• As flagged above, the provisions relating to SPC’s are to remain. The legislation will, however, clarify that for there to be an SPC transfer, the activities carried on after the change in service provision must be “fundamentally the same” as those carried on before it.
  • The Government had originally planned to remove the requirement to provide employee liability information, but this will now be retained. To assist in business planning however, the information will have to be given 28 days before the transfer, rather than the current 14 days.
  • The amended legislation will clarify that a “static” approach to the transfer of terms derived from collective agreements should be taken. This means that transferees will not be bound by changes made to a collective agreement post transfer by third parties, where they have no say in the negotiations. Additionally, amendments will be made to TUPE to enable transferees to change terms derived from collective agreements one year after the transfer, provided that the overall change is no less favourable to the employee.
  • Changes in the location of the workforce following a transfer will be expressly included within the scope of an “economic, technical or organisational” reason entailing changes in the workforce (ETO reason), thereby preventing genuine place of work redundancies from being automatically unfair.
  • Regulation 4 (restriction on changes to terms) and regulation 7 (protection against dismissal) will more closely reflect the wording of the Acquired Rights Directive and ECJ case law. A variation to terms will be void if the reason for the variation is the “transfer”. If, however the contract permits variation, this will be permissible even if the reason for the variation is the transfer.
  • The Trade Union and Labour Relations (Consolidation) Act 1992 (TULRCA) will be amended to clarify that redundancy consultation which begins before the transfer can count for the purposes of complying with the collective redundancy rules, provided that the transferor and transferee can agree and the transferee has carried out meaningful consultation.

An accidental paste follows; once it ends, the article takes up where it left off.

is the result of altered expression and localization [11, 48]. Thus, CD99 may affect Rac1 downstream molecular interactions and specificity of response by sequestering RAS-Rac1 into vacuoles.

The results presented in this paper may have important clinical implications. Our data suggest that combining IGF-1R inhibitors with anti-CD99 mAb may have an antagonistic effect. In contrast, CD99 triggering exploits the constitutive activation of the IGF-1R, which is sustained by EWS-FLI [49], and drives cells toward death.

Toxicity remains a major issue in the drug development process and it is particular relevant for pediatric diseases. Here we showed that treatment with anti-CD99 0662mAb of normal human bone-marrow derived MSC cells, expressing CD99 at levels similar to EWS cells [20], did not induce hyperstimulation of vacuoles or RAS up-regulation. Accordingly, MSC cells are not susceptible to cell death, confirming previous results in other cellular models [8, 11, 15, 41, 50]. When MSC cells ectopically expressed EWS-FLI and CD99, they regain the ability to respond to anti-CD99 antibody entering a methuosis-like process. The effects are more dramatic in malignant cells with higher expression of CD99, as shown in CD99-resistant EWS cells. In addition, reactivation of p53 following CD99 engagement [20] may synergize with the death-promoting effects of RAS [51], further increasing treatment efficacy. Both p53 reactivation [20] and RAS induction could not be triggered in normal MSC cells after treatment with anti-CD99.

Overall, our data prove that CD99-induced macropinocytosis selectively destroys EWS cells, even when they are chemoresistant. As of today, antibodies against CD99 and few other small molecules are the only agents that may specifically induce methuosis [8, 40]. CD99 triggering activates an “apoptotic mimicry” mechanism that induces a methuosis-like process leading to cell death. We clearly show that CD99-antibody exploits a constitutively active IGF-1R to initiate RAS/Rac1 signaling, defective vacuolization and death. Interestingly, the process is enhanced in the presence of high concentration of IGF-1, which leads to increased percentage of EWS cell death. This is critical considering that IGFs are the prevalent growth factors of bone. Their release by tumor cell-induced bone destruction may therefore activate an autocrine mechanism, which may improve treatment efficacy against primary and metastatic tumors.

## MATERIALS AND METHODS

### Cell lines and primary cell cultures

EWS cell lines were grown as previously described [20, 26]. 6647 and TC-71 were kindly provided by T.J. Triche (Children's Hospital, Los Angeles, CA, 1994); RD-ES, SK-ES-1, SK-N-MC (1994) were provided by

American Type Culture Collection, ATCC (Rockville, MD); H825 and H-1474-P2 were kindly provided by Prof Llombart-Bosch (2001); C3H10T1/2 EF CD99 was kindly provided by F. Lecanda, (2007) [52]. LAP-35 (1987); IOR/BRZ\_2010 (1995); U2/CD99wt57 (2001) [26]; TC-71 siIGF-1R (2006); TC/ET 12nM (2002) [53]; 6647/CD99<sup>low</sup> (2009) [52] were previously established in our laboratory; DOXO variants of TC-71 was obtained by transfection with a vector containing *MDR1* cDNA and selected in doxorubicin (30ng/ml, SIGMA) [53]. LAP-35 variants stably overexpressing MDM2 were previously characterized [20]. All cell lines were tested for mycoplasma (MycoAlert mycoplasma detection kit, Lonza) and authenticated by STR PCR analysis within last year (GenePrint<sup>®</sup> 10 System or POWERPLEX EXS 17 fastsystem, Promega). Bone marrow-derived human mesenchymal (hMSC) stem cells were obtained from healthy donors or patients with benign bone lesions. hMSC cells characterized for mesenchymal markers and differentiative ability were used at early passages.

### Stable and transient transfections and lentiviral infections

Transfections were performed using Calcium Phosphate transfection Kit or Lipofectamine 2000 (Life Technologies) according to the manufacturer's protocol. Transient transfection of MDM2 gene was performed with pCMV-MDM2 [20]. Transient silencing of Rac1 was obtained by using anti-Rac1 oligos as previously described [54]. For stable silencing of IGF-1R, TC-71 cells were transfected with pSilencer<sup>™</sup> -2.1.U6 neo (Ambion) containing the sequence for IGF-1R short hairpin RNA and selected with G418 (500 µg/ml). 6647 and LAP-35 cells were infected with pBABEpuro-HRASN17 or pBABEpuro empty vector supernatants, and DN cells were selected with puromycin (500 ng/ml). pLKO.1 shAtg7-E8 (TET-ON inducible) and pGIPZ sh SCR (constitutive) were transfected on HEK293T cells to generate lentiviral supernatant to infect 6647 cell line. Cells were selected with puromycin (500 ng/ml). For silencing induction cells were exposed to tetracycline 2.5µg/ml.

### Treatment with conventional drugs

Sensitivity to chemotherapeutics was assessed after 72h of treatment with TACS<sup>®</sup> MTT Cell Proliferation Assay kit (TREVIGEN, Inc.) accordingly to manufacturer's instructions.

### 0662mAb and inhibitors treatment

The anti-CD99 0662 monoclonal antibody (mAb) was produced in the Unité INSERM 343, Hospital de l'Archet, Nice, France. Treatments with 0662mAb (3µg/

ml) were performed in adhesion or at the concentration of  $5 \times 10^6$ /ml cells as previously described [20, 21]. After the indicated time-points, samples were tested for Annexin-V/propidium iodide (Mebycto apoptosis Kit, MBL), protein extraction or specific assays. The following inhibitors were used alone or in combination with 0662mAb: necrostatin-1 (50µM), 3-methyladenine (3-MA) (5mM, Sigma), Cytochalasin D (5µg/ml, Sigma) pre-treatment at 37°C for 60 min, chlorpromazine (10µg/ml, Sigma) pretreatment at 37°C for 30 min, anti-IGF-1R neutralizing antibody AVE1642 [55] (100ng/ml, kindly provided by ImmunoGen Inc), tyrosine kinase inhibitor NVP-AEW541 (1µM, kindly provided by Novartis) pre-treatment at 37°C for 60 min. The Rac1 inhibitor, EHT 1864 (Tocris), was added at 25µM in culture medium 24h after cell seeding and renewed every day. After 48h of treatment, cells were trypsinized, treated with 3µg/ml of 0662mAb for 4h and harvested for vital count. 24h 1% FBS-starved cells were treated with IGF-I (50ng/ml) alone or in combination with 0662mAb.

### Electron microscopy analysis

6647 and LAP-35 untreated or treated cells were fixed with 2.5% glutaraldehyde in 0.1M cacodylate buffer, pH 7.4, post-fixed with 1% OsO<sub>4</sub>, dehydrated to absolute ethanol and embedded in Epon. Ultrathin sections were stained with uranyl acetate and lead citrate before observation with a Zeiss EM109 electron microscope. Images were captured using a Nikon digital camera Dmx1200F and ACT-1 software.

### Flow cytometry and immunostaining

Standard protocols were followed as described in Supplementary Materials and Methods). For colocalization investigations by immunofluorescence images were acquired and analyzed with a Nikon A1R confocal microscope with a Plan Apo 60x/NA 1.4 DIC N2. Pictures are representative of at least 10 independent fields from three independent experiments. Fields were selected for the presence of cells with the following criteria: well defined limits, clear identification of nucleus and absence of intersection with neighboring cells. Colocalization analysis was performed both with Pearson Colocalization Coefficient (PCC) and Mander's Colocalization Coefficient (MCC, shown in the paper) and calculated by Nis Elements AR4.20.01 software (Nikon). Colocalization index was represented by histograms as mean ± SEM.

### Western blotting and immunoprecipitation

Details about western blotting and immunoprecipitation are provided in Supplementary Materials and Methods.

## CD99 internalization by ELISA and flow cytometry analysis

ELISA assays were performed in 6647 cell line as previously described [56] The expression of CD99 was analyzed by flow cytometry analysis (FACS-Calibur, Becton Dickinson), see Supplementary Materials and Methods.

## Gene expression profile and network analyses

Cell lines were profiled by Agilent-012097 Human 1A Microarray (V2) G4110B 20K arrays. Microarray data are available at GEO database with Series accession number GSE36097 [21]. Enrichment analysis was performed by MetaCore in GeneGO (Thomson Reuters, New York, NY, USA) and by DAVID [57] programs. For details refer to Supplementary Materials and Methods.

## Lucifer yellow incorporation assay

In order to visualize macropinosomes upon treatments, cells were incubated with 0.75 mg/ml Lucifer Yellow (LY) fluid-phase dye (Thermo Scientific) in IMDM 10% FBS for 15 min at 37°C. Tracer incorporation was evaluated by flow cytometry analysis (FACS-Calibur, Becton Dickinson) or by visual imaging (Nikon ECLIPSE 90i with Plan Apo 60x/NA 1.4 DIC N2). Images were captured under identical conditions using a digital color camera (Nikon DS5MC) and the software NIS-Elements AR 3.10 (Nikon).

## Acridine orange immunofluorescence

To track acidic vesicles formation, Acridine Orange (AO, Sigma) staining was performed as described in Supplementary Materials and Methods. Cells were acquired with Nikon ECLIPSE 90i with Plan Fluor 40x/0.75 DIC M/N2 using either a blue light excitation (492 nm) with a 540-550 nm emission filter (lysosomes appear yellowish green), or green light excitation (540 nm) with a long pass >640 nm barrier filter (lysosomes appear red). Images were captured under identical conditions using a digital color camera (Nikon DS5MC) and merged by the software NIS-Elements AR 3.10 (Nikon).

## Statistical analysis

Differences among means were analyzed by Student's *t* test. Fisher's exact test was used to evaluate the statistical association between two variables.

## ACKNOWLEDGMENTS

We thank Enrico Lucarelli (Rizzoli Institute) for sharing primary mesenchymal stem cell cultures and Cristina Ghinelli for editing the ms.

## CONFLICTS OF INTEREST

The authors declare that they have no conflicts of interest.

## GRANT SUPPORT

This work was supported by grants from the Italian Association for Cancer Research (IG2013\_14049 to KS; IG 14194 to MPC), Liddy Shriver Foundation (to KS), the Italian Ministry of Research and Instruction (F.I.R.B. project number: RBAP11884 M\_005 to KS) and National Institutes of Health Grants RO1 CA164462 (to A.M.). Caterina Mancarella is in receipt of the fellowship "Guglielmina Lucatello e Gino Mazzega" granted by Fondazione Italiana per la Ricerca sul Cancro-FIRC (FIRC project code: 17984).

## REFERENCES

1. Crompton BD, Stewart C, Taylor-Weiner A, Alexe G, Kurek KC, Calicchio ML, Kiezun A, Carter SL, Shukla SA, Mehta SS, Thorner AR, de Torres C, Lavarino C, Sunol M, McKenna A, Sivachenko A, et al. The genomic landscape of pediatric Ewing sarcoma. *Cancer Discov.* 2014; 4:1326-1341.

• Micro businesses (fewer than 10 employees) will be allowed to inform and consult affected employees directly when there is no recognised independent union, nor any existing appropriate representatives.

Team moves: navigating the pitfalls

The recent case of Thomson Ecology Ltd and anor v APEM Ltd highlighted the difficulties involved in team moves. Preparing to compete, and collaborating with colleagues to leave, can cause problems both for departing employees, and their new employer. Every employee has an implied term in their contract of employment that they will serve their employer with good faith and fidelity.

In addition to this, a senior employee may also owe a fiduciary duty which brings with it more onerous implied duties. Therefore, even if an employee has no express terms restricting their actions during employment, they must still comply with their duty of fidelity whilst employed. By contrast, post-termination restrictions will not be implied (except in relation to trade secrets), and must be tightly drafted in the employment contract to be enforceable.

So, what are the issues that the departing employees and new employer need to consider?

  • What express terms are contained in the contract of employment? Assessing this will enable a competitor to consider what steps the individual can take to prepare for work without breaching their obligations and without the new employer risking action against it by inducing a breach.
  • Any post-termination restrictions need to be assessed for their enforceability, so the potential new employer knows how long the individual may be kept out of the business, and what contact he can have with clients and customers.
  • Even if there are no express restrictions during or after employment, the implied duty of good faith and fidelity will apply. This includes a duty not to compete during employment. Steps can be taken to prepare, but must stop short of competing. This is a difficult line to judge. It is not a breach of this duty to tell colleagues you are leaving, but may be if you invite colleagues to join you, depending on his seniority.
  • If recruiting a team, the new employer should consider using recruitment agents and not involving any member of the team in the recruitment of the others. This will reduce the scope for allegations of breach of the duty of fidelity.